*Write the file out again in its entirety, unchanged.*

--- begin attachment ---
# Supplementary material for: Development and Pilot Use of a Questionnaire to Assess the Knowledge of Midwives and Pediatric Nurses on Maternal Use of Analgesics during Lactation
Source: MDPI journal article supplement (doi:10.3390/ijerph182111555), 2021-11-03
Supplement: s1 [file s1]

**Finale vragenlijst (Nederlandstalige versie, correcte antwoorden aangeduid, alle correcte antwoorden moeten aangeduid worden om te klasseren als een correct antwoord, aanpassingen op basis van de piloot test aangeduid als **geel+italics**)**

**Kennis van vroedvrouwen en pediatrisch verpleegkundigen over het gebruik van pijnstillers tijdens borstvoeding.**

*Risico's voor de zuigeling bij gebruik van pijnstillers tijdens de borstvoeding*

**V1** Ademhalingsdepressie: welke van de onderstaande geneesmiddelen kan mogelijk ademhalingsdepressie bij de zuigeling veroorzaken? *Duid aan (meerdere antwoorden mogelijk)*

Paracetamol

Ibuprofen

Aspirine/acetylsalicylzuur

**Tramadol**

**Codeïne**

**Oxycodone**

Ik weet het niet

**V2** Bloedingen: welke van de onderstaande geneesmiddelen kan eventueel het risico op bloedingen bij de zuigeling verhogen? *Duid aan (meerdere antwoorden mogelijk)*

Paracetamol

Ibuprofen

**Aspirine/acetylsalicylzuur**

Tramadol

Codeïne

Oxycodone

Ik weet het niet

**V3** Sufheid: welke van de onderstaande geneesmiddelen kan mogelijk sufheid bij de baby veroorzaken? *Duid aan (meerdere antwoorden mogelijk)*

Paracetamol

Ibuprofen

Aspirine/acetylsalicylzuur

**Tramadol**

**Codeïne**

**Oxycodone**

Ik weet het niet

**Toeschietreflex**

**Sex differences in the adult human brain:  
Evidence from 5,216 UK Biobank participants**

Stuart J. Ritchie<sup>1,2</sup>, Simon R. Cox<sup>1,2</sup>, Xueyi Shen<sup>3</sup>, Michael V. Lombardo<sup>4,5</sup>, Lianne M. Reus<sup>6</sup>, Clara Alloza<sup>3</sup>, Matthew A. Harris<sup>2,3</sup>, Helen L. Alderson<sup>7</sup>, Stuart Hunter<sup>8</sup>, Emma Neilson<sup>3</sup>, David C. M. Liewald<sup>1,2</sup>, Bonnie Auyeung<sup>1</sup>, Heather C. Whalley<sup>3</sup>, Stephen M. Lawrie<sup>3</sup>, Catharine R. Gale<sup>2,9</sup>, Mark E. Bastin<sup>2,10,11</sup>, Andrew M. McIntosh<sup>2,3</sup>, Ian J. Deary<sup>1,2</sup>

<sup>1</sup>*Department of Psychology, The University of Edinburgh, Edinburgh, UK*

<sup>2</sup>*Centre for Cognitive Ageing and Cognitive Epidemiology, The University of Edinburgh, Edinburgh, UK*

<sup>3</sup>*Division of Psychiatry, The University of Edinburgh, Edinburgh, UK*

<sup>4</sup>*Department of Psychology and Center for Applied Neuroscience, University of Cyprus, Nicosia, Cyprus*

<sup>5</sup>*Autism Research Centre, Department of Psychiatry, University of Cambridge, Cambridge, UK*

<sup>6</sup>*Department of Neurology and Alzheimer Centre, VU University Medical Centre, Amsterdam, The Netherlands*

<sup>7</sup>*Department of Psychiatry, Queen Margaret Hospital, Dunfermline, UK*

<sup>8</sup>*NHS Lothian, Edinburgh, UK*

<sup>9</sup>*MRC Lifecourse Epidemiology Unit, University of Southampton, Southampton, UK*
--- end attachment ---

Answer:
# Supplementary material for: Development and Pilot Use of a Questionnaire to Assess the Knowledge of Midwives and Pediatric Nurses on Maternal Use of Analgesics during Lactation
Source: MDPI journal article supplement (doi:10.3390/ijerph182111555), 2021-11-03
Supplement: s1 [file s1]

**Finale vragenlijst (Nederlandstalige versie, correcte antwoorden aangeduid, alle correcte antwoorden moeten aangeduid worden om te klasseren als een correct antwoord, aanpassingen op basis van de piloot test aangeduid als **geel+italics**)**

**Kennis van vroedvrouwen en pediatrisch verpleegkundigen over het gebruik van pijnstillers tijdens borstvoeding.**

*Risico's voor de zuigeling bij gebruik van pijnstillers tijdens de borstvoeding*

**V1** Ademhalingsdepressie: welke van de onderstaande geneesmiddelen kan mogelijk ademhalingsdepressie bij de zuigeling veroorzaken? *Duid aan (meerdere antwoorden mogelijk)*

Paracetamol

Ibuprofen

Aspirine/acetylsalicylzuur

**Tramadol**

**Codeïne**

**Oxycodone**

Ik weet het niet

**V2** Bloedingen: welke van de onderstaande geneesmiddelen kan eventueel het risico op bloedingen bij de zuigeling verhogen? *Duid aan (meerdere antwoorden mogelijk)*

Paracetamol

Ibuprofen

**Aspirine/acetylsalicylzuur**

Tramadol

Codeïne

Oxycodone

Ik weet het niet

**V3** Sufheid: welke van de onderstaande geneesmiddelen kan mogelijk sufheid bij de baby veroorzaken? *Duid aan (meerdere antwoorden mogelijk)*

Paracetamol

Ibuprofen

Aspirine/acetylsalicylzuur

**Tramadol**

**Codeïne**

**Oxycodone**

Ik weet het niet

**Toeschietreflex**

**Sex differences in the adult human brain:  
Evidence from 5,216 UK Biobank participants**

Stuart J. Ritchie<sup>1,2</sup>, Simon R. Cox<sup>1,2</sup>, Xueyi Shen<sup>3</sup>, Michael V. Lombardo<sup>4,5</sup>, Lianne M. Reus<sup>6</sup>, Clara Alloza<sup>3</sup>, Matthew A. Harris<sup>2,3</sup>, Helen L. Alderson<sup>7</sup>, Stuart Hunter<sup>8</sup>, Emma Neilson<sup>3</sup>, David C. M. Liewald<sup>1,2</sup>, Bonnie Auyeung<sup>1</sup>, Heather C. Whalley<sup>3</sup>, Stephen M. Lawrie<sup>3</sup>, Catharine R. Gale<sup>2,9</sup>, Mark E. Bastin<sup>2,10,11</sup>, Andrew M. McIntosh<sup>2,3</sup>, Ian J. Deary<sup>1,2</sup>

<sup>1</sup>*Department of Psychology, The University of Edinburgh, Edinburgh, UK*

<sup>2</sup>*Centre for Cognitive Ageing and Cognitive Epidemiology, The University of Edinburgh, Edinburgh, UK*

<sup>3</sup>*Division of Psychiatry, The University of Edinburgh, Edinburgh, UK*

<sup>4</sup>*Department of Psychology and Center for Applied Neuroscience, University of Cyprus, Nicosia, Cyprus*

<sup>5</sup>*Autism Research Centre, Department of Psychiatry, University of Cambridge, Cambridge, UK*

<sup>6</sup>*Department of Neurology and Alzheimer Centre, VU University Medical Centre, Amsterdam, The Netherlands*

<sup>7</sup>*Department of Psychiatry, Queen Margaret Hospital, Dunfermline, UK*

<sup>8</sup>*NHS Lothian, Edinburgh, UK*

<sup>9</sup>*MRC Lifecourse Epidemiology Unit, University of Southampton, Southampton, UK*